The spraying program has destroyed hundreds of square miles of coca fields, yet production continues to rise. "Once a field is destroyed, they just go deeper into the forest and they start all over again," says McGovern. "We are not stopping the production and to me thats a colossal waste of money."
On his visit to Colombia, Kroft found people suffering from rashes that a Colombian health department worker believes were caused by the spraying. The worker, Nancy Sanchez, also says illnesses like fever, diarrhea and allergies were up 100 percent in the spraying areas and that 2,300 families have complained of sicknesses.
A recent U.S. State Department report said that the main ingredient in the herbicide, glyphosate, was no more irritating than baby shampoo or salt. Rand Beers, the State Department official in charge of the spraying, admits that the herbicide, brand named Roundup in the U.S., can be harmful to humans in high concentrations, but said his program uses concentrations well within safety levels.
Scientists working for the State Department could find no link between the spraying and illnesses. They attributed symptoms to unsanitary conditions, common infections in the region and to chemicals used in the cultivation and processing of coca.
Elsa Nivia, a Colombian agronomist who opposes spraying, tells Kroft her research indicates a much more dangerous concentration of Roundup. "They are applying concentrations up to 26 times higher than what is recommended for agricultural use," she tells Kroft. "Also, they are applying Cosmo-Flux, which quadruples the biological action." Cosmo-flux makes the herbicide more effective by increasing its sticking and penetration power. It is known as a surfactant, something Roundups producer, Monsanto, specifically warns its customers against using. Cosmo-flux has never been approved by the EPA for use in the U.S. and its ingredients are a trade secret of its Colombian manufacturer.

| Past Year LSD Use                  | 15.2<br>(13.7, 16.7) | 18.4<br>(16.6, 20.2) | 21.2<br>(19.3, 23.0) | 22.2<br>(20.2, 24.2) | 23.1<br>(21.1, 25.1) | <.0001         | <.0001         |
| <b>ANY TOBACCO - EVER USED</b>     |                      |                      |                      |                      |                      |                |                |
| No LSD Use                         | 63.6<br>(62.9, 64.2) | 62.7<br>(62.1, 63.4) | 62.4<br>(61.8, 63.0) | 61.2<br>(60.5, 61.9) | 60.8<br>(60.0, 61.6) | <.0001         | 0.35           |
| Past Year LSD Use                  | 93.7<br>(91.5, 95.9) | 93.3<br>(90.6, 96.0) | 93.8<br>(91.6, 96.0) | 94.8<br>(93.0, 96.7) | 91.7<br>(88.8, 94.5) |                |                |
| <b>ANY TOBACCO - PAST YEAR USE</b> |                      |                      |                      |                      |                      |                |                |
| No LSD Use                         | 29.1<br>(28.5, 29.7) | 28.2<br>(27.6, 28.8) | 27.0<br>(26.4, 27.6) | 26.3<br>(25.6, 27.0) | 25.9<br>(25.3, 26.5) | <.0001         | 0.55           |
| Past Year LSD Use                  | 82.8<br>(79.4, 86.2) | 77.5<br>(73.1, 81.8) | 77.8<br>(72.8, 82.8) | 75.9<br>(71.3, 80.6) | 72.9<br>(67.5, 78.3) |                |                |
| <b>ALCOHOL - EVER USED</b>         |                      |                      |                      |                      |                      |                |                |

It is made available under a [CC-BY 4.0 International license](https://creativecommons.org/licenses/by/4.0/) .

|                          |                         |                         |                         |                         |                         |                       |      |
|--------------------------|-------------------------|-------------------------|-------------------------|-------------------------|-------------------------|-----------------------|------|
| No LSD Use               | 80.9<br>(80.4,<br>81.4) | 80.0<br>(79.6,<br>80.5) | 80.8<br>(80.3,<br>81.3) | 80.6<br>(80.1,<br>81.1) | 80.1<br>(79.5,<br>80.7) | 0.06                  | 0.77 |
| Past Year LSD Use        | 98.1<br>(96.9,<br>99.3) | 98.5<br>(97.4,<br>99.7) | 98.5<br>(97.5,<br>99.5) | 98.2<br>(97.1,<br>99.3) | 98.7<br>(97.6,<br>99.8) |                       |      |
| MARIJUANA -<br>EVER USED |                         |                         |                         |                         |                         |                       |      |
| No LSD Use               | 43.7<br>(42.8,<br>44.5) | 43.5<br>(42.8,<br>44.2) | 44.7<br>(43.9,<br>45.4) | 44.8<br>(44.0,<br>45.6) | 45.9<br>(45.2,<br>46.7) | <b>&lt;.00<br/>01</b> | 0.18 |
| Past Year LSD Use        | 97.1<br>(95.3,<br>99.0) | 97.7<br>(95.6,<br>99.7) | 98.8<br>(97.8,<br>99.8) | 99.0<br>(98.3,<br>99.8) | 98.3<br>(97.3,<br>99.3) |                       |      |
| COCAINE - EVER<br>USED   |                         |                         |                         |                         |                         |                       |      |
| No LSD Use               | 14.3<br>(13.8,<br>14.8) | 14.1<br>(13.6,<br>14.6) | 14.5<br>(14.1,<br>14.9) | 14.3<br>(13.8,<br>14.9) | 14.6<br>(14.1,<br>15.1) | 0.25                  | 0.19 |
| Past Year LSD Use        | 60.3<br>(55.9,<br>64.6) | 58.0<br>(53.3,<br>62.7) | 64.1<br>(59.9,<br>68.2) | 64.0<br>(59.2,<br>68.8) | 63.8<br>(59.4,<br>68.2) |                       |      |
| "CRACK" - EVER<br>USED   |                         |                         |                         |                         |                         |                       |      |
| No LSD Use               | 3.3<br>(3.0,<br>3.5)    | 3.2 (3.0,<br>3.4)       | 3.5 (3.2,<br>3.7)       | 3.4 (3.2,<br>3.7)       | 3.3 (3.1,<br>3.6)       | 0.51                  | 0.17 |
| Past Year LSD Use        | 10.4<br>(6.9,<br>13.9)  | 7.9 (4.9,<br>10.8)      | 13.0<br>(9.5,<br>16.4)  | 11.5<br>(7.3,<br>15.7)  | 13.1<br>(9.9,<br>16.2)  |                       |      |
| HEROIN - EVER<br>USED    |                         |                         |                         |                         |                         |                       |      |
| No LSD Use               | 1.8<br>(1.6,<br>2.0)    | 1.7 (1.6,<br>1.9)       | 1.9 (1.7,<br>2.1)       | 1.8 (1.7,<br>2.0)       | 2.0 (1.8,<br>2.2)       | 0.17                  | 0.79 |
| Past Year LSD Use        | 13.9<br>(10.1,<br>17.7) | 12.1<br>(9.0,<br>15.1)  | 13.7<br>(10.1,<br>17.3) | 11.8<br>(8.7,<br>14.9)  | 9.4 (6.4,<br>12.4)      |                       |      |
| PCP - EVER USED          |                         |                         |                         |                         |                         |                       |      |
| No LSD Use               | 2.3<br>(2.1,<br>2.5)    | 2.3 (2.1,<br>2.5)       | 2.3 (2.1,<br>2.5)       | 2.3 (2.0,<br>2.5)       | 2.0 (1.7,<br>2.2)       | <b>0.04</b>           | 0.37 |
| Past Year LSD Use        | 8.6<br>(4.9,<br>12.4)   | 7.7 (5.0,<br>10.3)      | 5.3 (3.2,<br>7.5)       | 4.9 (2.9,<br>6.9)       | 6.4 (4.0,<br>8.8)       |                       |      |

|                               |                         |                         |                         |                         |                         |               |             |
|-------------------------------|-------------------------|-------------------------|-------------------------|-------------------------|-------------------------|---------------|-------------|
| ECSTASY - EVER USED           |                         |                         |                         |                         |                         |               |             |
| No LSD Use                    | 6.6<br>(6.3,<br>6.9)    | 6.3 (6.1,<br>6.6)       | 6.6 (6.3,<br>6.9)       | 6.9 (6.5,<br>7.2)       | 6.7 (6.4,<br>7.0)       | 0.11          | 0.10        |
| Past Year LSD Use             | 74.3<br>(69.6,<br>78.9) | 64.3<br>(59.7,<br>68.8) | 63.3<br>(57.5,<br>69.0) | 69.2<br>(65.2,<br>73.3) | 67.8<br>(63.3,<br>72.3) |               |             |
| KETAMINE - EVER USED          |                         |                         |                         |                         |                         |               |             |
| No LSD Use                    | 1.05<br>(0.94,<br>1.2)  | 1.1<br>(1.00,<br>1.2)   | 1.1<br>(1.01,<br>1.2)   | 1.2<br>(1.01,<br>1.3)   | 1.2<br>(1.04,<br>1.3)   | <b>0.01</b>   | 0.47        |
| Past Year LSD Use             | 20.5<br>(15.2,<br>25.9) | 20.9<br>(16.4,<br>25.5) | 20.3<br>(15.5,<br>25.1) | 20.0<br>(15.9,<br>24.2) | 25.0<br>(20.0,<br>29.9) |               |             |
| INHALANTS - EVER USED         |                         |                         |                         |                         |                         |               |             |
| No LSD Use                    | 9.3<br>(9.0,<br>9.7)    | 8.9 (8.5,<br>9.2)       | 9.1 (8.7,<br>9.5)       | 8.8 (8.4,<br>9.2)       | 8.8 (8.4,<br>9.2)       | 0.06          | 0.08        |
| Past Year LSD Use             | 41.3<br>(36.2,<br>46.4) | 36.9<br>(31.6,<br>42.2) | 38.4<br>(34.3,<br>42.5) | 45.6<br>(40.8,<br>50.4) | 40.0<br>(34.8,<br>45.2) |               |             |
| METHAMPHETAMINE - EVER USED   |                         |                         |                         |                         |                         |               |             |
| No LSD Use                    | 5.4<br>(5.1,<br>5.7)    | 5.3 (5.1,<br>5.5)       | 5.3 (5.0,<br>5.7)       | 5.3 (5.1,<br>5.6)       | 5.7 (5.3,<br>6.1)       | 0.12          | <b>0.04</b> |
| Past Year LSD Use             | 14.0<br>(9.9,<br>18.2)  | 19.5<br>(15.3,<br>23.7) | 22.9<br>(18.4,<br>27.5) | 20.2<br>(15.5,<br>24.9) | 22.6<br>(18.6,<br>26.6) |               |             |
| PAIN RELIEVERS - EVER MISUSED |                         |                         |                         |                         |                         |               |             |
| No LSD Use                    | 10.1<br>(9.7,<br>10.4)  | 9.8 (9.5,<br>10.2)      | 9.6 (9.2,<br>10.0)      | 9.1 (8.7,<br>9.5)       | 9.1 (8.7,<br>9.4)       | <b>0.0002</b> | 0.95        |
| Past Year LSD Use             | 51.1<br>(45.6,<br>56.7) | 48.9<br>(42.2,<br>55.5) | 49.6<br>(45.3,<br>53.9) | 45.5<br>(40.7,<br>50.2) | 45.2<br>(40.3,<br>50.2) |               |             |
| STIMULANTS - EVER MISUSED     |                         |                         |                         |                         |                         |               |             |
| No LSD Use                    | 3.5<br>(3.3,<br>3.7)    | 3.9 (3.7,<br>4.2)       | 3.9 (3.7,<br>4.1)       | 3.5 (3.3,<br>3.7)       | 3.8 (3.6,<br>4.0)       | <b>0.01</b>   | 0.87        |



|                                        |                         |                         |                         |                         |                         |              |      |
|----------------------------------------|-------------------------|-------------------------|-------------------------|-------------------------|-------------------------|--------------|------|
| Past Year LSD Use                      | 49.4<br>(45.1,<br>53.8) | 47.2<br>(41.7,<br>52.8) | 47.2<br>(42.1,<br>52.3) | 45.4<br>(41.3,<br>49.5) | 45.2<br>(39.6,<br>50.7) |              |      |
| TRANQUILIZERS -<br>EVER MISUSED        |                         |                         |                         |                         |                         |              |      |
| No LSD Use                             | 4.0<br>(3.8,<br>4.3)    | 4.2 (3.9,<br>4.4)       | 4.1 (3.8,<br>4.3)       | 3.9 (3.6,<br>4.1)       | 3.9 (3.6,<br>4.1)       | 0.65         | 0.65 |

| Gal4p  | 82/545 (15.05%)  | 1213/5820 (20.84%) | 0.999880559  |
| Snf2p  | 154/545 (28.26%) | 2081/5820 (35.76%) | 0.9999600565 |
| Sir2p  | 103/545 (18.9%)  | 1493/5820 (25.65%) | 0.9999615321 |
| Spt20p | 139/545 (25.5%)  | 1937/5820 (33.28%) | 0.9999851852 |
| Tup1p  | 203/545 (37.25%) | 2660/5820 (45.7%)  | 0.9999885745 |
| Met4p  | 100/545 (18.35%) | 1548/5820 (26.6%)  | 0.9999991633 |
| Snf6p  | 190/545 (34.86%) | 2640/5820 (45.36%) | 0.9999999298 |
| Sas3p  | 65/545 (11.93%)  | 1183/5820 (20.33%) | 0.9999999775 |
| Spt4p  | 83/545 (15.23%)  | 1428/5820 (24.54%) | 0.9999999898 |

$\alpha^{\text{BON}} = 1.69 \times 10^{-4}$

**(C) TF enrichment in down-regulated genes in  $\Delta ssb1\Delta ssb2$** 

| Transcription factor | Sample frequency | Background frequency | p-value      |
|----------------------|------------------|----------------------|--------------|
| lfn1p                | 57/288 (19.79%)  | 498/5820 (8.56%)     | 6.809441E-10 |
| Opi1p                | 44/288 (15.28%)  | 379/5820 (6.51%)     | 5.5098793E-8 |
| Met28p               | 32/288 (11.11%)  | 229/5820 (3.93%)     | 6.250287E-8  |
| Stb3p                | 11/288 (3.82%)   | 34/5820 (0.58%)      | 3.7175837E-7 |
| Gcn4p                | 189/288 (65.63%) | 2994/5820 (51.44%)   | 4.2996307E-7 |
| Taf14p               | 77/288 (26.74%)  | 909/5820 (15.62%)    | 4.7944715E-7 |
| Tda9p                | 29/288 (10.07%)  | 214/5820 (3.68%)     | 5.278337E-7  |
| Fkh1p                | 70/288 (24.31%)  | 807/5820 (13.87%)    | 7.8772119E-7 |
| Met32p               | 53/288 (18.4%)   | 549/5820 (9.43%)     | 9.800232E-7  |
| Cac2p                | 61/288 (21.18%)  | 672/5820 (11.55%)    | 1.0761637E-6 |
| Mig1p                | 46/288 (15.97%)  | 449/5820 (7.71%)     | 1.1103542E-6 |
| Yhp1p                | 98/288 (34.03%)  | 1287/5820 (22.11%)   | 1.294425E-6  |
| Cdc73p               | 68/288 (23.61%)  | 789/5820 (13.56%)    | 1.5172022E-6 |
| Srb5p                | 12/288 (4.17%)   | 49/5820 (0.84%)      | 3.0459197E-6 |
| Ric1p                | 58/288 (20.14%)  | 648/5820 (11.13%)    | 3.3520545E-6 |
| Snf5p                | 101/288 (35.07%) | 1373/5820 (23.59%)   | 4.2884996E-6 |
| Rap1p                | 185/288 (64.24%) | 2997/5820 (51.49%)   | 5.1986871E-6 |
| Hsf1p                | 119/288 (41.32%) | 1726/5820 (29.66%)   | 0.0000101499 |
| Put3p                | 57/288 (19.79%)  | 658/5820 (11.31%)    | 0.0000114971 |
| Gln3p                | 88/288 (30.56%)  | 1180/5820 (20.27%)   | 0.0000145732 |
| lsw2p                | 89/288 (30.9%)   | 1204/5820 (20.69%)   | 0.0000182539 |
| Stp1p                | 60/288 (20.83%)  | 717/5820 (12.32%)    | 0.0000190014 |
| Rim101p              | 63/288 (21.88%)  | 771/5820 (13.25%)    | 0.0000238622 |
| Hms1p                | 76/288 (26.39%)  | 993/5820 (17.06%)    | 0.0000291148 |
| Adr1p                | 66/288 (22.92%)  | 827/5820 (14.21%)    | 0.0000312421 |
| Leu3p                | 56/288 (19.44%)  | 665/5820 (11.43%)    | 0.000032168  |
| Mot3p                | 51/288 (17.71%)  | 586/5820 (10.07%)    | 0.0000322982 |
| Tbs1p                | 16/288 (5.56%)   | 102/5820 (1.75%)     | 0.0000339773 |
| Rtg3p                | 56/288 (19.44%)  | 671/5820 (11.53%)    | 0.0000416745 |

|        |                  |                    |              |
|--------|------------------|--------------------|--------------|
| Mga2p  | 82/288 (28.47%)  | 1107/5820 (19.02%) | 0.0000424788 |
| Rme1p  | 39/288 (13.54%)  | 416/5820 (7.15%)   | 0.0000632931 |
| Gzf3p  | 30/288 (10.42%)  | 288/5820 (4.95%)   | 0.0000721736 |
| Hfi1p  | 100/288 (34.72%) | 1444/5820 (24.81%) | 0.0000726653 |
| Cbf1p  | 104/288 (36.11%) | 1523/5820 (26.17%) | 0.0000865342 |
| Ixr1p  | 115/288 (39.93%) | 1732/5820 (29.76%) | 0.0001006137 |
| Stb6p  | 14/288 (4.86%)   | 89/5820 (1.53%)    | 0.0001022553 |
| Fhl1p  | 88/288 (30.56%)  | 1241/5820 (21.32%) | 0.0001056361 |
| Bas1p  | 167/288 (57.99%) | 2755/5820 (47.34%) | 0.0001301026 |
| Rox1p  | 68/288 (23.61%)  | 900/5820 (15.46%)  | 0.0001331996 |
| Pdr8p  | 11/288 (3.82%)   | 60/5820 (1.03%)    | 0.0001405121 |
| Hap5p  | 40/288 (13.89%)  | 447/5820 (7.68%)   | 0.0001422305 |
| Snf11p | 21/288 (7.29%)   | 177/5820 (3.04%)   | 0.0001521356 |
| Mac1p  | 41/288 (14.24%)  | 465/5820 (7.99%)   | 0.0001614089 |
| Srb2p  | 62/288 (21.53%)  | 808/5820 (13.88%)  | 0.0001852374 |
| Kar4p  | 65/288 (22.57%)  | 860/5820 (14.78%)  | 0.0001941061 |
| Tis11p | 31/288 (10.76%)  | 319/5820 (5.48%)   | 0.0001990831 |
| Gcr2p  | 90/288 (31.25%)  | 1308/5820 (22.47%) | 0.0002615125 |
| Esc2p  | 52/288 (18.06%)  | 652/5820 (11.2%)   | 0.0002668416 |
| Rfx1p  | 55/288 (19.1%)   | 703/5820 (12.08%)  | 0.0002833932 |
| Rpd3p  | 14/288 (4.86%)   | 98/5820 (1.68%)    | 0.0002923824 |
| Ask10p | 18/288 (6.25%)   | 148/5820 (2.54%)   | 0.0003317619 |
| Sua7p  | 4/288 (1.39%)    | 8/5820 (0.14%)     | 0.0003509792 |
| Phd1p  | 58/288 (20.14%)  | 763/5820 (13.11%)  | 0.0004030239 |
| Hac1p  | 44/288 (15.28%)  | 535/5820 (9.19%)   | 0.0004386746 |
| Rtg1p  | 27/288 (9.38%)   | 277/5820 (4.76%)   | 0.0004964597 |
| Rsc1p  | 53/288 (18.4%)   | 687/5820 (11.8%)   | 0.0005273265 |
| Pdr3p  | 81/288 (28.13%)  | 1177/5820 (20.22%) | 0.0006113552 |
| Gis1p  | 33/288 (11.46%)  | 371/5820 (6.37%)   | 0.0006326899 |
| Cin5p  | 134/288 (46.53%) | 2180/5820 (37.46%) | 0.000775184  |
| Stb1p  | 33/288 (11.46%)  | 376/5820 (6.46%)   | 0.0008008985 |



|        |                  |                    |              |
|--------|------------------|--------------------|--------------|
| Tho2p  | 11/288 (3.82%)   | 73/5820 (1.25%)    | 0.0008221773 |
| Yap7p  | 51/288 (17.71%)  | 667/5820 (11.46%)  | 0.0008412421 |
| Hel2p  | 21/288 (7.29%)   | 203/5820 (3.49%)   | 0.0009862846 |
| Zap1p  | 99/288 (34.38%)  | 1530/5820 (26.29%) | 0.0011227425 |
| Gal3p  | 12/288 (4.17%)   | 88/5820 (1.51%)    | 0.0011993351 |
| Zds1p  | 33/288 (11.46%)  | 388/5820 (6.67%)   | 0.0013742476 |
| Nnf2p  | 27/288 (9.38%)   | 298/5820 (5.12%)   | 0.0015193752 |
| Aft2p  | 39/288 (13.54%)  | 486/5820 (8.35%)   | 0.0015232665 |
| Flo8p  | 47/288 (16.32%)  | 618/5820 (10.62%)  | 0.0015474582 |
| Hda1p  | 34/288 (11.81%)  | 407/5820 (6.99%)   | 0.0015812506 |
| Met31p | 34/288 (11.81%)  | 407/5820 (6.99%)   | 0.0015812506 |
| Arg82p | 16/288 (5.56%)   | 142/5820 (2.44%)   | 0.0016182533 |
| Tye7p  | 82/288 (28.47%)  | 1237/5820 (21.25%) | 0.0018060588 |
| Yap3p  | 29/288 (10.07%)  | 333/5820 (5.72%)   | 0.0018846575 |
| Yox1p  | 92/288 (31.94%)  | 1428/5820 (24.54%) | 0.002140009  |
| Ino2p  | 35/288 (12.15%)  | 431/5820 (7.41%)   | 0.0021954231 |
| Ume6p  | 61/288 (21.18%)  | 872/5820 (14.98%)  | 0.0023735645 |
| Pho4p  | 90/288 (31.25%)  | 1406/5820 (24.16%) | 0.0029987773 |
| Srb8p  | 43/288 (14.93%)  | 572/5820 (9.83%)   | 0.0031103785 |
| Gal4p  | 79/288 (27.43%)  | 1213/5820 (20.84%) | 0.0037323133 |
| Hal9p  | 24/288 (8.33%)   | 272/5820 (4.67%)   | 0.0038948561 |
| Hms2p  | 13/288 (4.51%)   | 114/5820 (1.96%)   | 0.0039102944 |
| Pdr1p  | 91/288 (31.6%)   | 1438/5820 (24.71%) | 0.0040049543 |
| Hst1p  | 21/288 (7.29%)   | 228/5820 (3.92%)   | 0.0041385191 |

Says McGovern, "[The herbicide] is powerful stuff and I think its ridiculous to say that we shouldnt worry about the health impacts Nobody really can tell me what the health effects of this spray might be."
This is one of two 60 MINUTES reports this week that is of special interest to the Hispanic community in the U.S.
In the other, Ed Bradley reports on Cuban assets in the U.S. that were frozen for more than 40 years for national security reasons until President Clinton released most of them the night before he left office. The released money went to the families of Cuban-American "Brothers to the Rescue" pilots who won a lawsuit against Cuba for killing the pilots when they shot heir planes down.
60 MINUTES is the only newsmagazine close-captioned in Spanish.
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